All Ages : Reflections on Straightedge

A 15-year-old skater in a confrontational and sparring spirit approached an older punk one night outside a hardcore show in Connecticut. The skater had a bleached Marine cut, a worn grey hooded Champion Sweatshirt and long plaid skate shorts. His vans had silver duct tape wrapped around the toe and sole probably to repair a hole in them. The tops of his hands had two oversized X's scrawled on them with black marker. The punk guy he approached was a little older, maybe in his twenties and wearing jeans and combat boots. His Damned shirt was old and worn and covered by his leather biker jacket which advertised hand painted Siouxsie Sioux and The Residents logos.

The younger one spoke, apparently meeting this guy for the first time in a scrutinizing manner with a twist of an East Coast surfer dialect, "Are you or aren't you?" The dude with the Damned shirt looked puzzled. So did I, propped up against my mom's Ford Festiva drinking a Cherry Coke, thumbing through fanzines but now noticing the exchange.

"Am I or am not what?" the older punk said, sort of smugly but puzzled.

"S.E.?" spoke the skater, equally amazed that the punk was baffled.

"What is S...E?" said the elder, pronouncing each letter distinctly, now a little annoyed and twiddling his fingers nervously.

"Straight edge!" he answered in a matter-of-fact way. "Well," said the punk, "I don't drink, and I really don't smoke or smoke pot or anything, but I don't know... I really don't label myself as 'straight edge'," he said a little righteously and maturely.

"That's way lame!" said the skater, abruptly ending the inquisition and laughing at himself while walking off. The punk guy looked a little frustrated and still a little puzzled. I laughed at the skater's audacity, his off-color humor and how I watched this scene change so drastically.

"This," I thought, "is what killed straight edge, and at the same time, this is what made it grow into an enormous subculture worldwide - a punk attitude with conservative principles."

For all its great points, "punk rock liberalism" had its bad points, too. It became too broad. Some kids in the scene did follow straight principles, like the older punk, while others were heroin addicts, glue huffers and gang members. To this new generation the entire spectrum seemed too wishy-washy. In 1983, a common punk slogan to paint on your jacket was "No One Rules." I laughed to myself in 1986 when I saw a similar motto on the back of a sweatshirt. I read, "Rules!" The pendulum of liberalism swung from "No Rules" to "Rules are good." The fashion pendulum swung from mohawks, leather and Doc Martins to a clean cut collegiate Beaver Cleaver-meets-Tony Hawk look. Indulgence swung to self control. "Free form" slam dancing turned to very stylized moshing and stage diving. For better or for worse, straight edge took off stronger than I could ever imagine, choking out punk rock, or a least ignoring it and creating a veritable scene within a scene.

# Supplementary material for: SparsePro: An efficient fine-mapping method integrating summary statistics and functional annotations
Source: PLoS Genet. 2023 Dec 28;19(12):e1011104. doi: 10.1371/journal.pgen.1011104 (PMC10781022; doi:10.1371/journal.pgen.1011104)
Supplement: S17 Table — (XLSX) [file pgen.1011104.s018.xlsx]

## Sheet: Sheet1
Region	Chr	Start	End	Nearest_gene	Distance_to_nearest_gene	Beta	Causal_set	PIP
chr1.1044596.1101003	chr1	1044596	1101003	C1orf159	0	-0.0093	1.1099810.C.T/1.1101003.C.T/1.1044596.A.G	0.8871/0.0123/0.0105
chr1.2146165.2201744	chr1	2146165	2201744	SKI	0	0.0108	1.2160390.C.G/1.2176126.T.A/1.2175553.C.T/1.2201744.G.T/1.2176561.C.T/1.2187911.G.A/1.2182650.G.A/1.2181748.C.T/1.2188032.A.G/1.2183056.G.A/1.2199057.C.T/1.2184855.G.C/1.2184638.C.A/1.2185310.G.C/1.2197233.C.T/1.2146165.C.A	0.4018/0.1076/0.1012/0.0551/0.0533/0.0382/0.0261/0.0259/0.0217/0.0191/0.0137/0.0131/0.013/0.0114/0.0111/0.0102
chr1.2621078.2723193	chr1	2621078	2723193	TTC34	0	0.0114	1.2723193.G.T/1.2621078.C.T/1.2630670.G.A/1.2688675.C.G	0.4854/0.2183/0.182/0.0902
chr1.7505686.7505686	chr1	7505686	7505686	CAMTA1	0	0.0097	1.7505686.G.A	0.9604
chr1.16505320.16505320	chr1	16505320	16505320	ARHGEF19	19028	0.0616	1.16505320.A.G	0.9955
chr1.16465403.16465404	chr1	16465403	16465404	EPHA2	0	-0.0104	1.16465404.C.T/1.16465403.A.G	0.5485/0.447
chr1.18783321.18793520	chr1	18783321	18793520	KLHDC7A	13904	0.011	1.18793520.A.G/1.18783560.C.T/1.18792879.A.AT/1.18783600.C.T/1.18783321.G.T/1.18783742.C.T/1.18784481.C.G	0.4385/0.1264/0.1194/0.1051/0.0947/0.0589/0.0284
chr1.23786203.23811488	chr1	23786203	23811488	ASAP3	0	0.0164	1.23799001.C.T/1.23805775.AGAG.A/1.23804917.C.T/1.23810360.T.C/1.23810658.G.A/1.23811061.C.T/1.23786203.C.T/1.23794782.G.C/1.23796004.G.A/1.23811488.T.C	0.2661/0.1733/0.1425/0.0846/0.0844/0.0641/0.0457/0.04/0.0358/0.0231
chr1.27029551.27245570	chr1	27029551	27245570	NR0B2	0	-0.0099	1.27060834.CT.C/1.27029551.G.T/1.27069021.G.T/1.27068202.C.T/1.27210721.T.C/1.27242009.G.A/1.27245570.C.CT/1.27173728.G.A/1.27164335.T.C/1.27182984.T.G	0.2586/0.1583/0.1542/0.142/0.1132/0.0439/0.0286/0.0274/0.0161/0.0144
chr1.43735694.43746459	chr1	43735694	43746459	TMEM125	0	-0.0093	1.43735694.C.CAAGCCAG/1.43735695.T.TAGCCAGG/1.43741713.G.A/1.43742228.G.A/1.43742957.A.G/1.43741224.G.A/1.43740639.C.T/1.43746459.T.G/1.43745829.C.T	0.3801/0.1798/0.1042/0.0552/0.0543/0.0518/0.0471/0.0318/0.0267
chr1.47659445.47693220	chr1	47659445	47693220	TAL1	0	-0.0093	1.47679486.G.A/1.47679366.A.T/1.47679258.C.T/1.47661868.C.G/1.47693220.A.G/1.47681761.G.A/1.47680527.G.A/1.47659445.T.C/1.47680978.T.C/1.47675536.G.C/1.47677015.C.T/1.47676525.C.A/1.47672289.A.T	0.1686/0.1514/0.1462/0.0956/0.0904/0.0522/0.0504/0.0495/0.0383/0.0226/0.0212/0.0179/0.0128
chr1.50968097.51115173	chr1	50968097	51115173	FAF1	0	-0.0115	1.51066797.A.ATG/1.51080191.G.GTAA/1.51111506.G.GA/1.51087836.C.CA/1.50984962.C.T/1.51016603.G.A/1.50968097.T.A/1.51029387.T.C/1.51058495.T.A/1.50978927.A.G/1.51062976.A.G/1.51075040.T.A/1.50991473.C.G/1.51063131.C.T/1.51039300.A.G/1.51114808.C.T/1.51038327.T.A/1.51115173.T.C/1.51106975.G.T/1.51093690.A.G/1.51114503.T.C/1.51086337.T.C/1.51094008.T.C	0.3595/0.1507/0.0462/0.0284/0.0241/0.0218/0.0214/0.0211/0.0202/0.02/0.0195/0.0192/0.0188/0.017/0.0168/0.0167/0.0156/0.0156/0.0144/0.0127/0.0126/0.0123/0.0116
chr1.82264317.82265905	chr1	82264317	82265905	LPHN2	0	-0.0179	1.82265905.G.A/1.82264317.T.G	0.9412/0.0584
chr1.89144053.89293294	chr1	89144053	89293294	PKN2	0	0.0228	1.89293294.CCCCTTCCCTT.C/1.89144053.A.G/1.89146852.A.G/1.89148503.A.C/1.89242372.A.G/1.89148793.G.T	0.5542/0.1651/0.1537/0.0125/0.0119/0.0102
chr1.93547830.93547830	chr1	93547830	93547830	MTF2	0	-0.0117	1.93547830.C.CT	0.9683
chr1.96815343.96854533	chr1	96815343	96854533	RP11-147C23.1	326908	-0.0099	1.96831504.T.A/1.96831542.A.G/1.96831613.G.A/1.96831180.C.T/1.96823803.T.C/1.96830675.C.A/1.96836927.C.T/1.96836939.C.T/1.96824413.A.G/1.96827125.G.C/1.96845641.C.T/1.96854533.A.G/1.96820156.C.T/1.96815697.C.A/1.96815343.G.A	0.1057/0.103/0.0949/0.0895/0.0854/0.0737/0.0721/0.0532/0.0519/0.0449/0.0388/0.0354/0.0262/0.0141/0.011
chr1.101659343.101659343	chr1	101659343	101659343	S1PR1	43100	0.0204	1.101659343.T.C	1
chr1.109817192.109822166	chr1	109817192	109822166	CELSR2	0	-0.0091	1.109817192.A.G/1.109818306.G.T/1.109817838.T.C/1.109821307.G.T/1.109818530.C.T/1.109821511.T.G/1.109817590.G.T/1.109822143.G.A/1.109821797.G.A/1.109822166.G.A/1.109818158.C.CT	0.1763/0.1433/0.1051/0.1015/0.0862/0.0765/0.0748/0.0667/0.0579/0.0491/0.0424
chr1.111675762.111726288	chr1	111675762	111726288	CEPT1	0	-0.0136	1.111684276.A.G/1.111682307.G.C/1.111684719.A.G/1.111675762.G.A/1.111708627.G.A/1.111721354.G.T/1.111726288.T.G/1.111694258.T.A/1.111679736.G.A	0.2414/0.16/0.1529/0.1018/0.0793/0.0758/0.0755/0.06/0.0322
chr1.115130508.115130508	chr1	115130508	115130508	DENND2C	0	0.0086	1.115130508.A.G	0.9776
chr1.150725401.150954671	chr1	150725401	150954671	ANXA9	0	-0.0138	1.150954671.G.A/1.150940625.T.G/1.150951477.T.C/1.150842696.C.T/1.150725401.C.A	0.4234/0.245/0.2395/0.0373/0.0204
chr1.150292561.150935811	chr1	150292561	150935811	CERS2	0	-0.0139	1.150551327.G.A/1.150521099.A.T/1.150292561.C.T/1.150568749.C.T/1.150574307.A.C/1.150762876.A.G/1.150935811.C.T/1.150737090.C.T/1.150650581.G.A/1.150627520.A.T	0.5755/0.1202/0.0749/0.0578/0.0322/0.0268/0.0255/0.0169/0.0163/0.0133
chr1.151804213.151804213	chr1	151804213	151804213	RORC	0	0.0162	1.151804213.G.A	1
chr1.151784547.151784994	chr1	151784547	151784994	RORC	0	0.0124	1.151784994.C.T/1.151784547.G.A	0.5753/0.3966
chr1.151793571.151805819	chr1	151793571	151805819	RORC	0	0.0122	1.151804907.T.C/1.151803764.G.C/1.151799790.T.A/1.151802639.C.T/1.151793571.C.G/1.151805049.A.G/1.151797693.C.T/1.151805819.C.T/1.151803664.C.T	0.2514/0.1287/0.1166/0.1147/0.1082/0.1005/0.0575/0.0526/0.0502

I could really see both sides. I was punk. I mean I was reared on punk rock, ska, and Oi! from Sham 69 to X Ray Spex to The Business; never seeing a live punk gig but living vicariously through movies like Decline of Western Civilization and The Great Rock and Roll Swindle.

I got up some courage one weekend to go into the city to CBGB's. This was (and still is) and underground and punk club especially noted for giving bands like The Police, patti Smith and the Ramones their start. I was flipping through the Village Voice and saw that the UK Subs were playing Saturday night, so I thought, "Yeah! Punk rock show! I got to go!" Little did I know that this one show was going to change my life. It was a show that served as a spring board for me to dive head first into American Hardcore.

Opening the show was a band called The Young and the Useless. This actually turned out to be Adam from the Beastie Boys' first band.They were all my age, about 15, and going nuts on stage while the crowd was moshing (moshing was not a universal word at that time - only New Yorkers knew what it meant) and diving off the three-foot stage. I was impressed. No, impressed isn't the word. I was in love. I feel in love with hardcore. I went home and started a band and went back every weekend for CBGB's hardcore matinees. For $3 every Sunday you could see three bands, bands that were unbelievable, bands that have never been matched since, bands whose lyric became scripture, bands that we would lay our life on the line for: Minor Threat (years ahead of their time), Void (so loose that it sounded like the entire song would fall apart, but so forceful), Agnostic Front (hometown favorites), SS Decontrol (forerunners and heros of the straight edge scene who made cigarette smoking seem like a criminal offense). All these bands played CB's matinees, leaving kids like myself bruised from the pit, blown away by the music and with ears still buzzing Monday morning in algebra class, realizing their entire suburban high school had no idea what they had been through the previous afternoon.